It is the singing that I love most about Glee. Not all the performances are good and some of the song choices are not to my taste, but the singing and the performances constantly improve. Listening to the differences between Don’t Stop Believing from the first episode to its performance at the end of season one it is amazing to see just how much they all improved. It's hard to describe the kind of thrill a great Glee performance can give, especially if you followed the improvement. It fills me up and make me wish I could sing. 

One of the most beautiful manifestations of this growth and singing development is the difference between Lea Michele and Chris Colfer’s first and last duets. The first, in season one, was Defying Gravity, from one of my favourite musicals Wicked. Once again I apologetically whisper to my all knowing friends that I didn’t hate it as much as I probably should have. It was a “diva off” between Rachel and Kurt for a solo. Kurt lost the battle on purpose. For him it was more than just a solo, it was a struggle for acceptance within himself as well as from his surroundings. When they both sing For Good from the same musical, at the last episode of season two, it’s a different story. They had sung together several times by then, Rachel had slightly calmed down, and Kurt had gained a lot more confidence, they both been through a lot together and separately. This time they didn’t sing against each other, but rather supporting and complimenting one another. As much as I love to hate Lea Michele I have to bow in defeat. She and Colfer nailed that song and had me wrapped around their fingers. Despite the shortening of the original song, this performance was, for me, a little bit perfect.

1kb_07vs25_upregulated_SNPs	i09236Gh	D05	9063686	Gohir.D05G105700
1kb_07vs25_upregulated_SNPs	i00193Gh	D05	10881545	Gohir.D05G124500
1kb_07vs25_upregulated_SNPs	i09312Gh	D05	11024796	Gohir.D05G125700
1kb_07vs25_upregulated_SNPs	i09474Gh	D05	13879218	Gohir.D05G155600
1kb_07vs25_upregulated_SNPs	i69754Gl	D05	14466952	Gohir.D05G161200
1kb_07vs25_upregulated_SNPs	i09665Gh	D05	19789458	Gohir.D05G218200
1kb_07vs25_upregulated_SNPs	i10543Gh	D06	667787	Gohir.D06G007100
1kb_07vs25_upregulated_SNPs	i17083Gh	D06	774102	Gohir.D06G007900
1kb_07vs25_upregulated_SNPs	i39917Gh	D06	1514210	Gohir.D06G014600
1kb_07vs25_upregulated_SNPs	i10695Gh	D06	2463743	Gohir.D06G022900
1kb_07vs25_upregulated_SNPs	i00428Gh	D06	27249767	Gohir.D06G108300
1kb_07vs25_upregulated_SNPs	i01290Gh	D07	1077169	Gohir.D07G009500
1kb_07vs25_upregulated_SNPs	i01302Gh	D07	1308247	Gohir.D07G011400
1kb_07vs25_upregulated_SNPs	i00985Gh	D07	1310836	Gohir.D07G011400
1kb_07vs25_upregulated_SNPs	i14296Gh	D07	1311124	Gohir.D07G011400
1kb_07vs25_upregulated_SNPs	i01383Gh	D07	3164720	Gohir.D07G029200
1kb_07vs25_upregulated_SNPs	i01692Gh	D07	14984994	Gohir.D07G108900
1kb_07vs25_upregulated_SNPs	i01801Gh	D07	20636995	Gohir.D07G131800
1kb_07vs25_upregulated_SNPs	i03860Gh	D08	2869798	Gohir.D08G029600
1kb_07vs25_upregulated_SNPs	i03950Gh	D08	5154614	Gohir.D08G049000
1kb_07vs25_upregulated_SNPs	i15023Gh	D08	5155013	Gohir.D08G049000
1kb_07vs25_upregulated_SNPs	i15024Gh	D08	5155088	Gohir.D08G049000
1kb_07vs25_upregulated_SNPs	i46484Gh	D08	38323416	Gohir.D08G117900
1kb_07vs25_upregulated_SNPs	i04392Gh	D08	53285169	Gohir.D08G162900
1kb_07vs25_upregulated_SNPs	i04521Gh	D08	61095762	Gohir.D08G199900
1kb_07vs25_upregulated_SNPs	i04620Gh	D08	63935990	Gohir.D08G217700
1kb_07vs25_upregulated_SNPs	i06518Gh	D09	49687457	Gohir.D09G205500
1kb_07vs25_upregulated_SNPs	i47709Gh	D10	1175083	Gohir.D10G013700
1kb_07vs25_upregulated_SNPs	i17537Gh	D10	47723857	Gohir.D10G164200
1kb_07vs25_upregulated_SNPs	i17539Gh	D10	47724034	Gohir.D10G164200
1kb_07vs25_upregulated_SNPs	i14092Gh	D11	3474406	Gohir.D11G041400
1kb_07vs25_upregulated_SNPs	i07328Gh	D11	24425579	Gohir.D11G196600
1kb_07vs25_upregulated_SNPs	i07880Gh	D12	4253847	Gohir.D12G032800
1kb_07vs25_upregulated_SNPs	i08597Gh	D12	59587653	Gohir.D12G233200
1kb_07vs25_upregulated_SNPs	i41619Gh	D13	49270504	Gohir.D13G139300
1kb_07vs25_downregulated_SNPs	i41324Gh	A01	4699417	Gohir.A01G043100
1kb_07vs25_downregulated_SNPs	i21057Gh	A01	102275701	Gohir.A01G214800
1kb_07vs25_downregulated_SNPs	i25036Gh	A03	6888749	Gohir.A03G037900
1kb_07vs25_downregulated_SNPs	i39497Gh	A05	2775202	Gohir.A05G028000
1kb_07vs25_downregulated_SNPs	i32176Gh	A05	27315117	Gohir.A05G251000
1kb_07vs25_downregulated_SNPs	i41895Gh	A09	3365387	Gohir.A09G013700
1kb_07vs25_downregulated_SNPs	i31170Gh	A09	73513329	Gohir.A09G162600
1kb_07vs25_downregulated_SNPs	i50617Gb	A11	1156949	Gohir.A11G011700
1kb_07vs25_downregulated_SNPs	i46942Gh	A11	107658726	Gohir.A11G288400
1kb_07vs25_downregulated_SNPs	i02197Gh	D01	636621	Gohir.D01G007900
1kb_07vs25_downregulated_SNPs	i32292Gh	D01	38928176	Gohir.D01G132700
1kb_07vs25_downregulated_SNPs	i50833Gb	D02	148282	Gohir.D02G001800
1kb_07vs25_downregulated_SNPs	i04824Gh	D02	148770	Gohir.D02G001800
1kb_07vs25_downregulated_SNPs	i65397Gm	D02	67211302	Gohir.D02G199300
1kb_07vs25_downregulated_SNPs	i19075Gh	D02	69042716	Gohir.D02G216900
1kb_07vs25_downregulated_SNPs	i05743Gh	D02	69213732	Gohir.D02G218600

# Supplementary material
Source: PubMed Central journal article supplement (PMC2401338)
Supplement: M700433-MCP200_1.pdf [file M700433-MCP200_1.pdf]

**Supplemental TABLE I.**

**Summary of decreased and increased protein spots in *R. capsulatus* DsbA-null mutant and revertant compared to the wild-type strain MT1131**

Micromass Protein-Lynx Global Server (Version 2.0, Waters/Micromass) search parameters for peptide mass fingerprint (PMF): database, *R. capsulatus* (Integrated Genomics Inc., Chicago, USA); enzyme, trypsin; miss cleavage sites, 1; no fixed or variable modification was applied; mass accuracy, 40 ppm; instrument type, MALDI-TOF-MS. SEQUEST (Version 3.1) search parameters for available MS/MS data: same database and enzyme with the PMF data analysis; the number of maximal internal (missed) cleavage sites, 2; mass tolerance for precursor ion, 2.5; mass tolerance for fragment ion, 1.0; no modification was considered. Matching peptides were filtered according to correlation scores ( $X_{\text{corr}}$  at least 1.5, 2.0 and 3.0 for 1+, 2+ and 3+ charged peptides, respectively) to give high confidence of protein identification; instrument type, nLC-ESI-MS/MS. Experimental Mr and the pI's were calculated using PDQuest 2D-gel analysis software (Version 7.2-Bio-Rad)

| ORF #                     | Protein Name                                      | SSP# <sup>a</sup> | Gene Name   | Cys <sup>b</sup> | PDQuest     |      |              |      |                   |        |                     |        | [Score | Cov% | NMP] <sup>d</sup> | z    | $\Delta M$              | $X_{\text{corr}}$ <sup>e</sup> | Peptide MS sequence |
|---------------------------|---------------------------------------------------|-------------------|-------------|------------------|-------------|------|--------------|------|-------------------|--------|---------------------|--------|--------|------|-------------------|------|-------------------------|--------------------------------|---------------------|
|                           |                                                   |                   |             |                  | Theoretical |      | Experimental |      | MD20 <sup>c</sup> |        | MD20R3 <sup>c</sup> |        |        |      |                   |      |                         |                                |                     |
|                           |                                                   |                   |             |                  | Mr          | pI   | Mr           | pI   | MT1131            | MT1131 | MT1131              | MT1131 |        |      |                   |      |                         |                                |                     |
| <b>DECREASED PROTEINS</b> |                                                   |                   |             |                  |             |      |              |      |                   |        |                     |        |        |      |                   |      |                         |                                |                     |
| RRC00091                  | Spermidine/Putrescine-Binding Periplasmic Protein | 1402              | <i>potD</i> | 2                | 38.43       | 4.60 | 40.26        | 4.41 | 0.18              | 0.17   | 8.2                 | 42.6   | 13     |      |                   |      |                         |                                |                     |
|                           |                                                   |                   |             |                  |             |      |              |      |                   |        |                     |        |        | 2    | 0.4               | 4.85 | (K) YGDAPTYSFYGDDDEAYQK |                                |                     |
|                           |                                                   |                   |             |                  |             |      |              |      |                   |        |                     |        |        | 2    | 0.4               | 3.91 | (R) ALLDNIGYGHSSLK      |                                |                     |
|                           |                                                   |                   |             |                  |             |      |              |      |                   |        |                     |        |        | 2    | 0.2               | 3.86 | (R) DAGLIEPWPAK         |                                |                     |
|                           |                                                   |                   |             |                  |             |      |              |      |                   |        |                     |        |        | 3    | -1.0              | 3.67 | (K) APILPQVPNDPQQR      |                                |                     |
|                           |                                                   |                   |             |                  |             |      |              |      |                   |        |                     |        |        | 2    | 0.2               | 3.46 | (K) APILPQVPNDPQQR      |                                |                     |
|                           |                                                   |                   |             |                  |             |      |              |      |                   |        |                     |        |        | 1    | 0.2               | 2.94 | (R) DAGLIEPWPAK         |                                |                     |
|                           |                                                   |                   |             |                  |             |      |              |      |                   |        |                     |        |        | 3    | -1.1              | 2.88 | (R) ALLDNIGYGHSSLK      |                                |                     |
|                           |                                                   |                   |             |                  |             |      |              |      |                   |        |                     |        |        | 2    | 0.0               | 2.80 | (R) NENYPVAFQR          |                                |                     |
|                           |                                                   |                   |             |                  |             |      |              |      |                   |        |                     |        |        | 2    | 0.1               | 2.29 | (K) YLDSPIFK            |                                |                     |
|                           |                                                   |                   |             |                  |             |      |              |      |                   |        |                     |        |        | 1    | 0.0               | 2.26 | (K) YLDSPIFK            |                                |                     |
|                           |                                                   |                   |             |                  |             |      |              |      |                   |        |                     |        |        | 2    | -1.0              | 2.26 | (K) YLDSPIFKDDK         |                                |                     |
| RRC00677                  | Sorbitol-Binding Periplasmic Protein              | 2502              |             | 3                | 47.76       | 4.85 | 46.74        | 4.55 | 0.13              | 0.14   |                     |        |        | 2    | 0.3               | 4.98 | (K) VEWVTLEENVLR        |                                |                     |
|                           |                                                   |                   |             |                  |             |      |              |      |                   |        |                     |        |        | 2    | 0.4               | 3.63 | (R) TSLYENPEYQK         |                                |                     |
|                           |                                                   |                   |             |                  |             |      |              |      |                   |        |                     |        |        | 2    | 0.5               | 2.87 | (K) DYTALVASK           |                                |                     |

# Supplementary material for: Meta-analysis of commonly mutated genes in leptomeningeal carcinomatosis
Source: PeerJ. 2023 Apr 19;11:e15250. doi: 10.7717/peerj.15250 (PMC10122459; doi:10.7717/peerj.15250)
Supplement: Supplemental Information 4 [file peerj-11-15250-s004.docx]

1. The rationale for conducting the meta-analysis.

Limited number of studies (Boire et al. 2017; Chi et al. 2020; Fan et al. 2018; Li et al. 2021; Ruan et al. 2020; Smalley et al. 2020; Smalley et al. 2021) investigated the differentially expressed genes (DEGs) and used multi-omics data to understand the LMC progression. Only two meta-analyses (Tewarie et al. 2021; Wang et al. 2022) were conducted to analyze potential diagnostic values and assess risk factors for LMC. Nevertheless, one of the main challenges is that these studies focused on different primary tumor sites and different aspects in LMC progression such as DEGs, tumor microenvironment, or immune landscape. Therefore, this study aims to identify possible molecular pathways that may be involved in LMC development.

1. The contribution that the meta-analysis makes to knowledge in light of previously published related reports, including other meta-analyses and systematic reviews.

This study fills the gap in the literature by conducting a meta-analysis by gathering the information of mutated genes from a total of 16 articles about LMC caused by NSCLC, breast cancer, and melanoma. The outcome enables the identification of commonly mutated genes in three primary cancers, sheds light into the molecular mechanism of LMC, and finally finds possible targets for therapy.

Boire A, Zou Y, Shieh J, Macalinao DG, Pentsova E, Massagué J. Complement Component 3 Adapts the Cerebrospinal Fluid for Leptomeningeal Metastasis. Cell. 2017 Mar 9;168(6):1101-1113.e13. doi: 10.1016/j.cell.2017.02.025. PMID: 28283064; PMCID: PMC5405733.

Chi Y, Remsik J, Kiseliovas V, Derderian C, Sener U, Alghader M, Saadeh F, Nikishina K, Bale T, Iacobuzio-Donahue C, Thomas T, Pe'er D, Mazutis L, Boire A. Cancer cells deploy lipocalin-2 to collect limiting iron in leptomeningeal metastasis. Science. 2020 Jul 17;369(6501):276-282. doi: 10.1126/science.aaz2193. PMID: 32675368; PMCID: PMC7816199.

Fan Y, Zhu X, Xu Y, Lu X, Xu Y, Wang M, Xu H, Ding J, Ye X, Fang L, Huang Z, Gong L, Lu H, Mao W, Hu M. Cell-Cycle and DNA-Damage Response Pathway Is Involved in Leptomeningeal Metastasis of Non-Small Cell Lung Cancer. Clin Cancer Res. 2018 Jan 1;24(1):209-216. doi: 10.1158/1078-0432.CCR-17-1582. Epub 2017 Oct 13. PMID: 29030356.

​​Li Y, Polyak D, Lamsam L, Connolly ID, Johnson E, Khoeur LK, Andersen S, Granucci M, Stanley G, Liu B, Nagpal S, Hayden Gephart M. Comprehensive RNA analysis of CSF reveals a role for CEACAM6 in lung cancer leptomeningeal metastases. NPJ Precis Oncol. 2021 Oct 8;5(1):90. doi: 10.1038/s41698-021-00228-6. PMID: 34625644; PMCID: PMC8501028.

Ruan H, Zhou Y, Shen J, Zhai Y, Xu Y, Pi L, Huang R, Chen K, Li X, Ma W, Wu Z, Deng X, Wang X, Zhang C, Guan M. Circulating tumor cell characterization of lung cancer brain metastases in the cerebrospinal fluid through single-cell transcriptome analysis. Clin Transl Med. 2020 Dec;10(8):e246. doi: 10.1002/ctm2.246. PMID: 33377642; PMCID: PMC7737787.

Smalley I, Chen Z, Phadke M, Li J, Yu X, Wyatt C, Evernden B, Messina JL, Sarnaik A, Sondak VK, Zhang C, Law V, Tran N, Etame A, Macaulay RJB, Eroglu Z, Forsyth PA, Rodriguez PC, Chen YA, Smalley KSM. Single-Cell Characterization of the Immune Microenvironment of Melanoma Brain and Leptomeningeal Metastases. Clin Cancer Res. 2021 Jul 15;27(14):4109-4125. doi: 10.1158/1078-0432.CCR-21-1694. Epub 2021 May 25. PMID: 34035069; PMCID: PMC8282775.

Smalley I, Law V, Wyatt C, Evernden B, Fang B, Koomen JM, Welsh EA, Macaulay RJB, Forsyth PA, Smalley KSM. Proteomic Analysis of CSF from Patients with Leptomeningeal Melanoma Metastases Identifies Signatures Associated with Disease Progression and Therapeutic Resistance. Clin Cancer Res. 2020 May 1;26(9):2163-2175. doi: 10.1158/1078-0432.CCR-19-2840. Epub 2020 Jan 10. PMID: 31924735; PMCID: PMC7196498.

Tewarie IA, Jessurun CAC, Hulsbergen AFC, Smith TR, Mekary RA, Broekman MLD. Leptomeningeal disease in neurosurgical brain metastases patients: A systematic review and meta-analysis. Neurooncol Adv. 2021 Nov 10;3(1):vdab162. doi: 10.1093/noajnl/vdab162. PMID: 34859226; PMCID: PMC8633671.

Friday, 3 June 2011

Give Us Your Children

This was originally writtend for and published it the brilliant Doctor Who e-zine The Terrible Zodin issue 8 autumn 2010. This post CONTAIN SPOILERS FOR TORCHWOOD CHILDREN OF EARTH as well as some Doctor Who episodes. Don't say I didn't tell ya!

“A grievous blow has struck the ghetto. They are asking us to give up the best we possess -- the children and the elderly. I never imagined I would be forced to deliver this sacrifice to the altar with my own hands. In my old age, I must stretch out my hands and beg. Brothers and sisters: Hand them over to me! Fathers and mothers: Give me your children!...”
--Chaim Rumkowski, September 4, 1942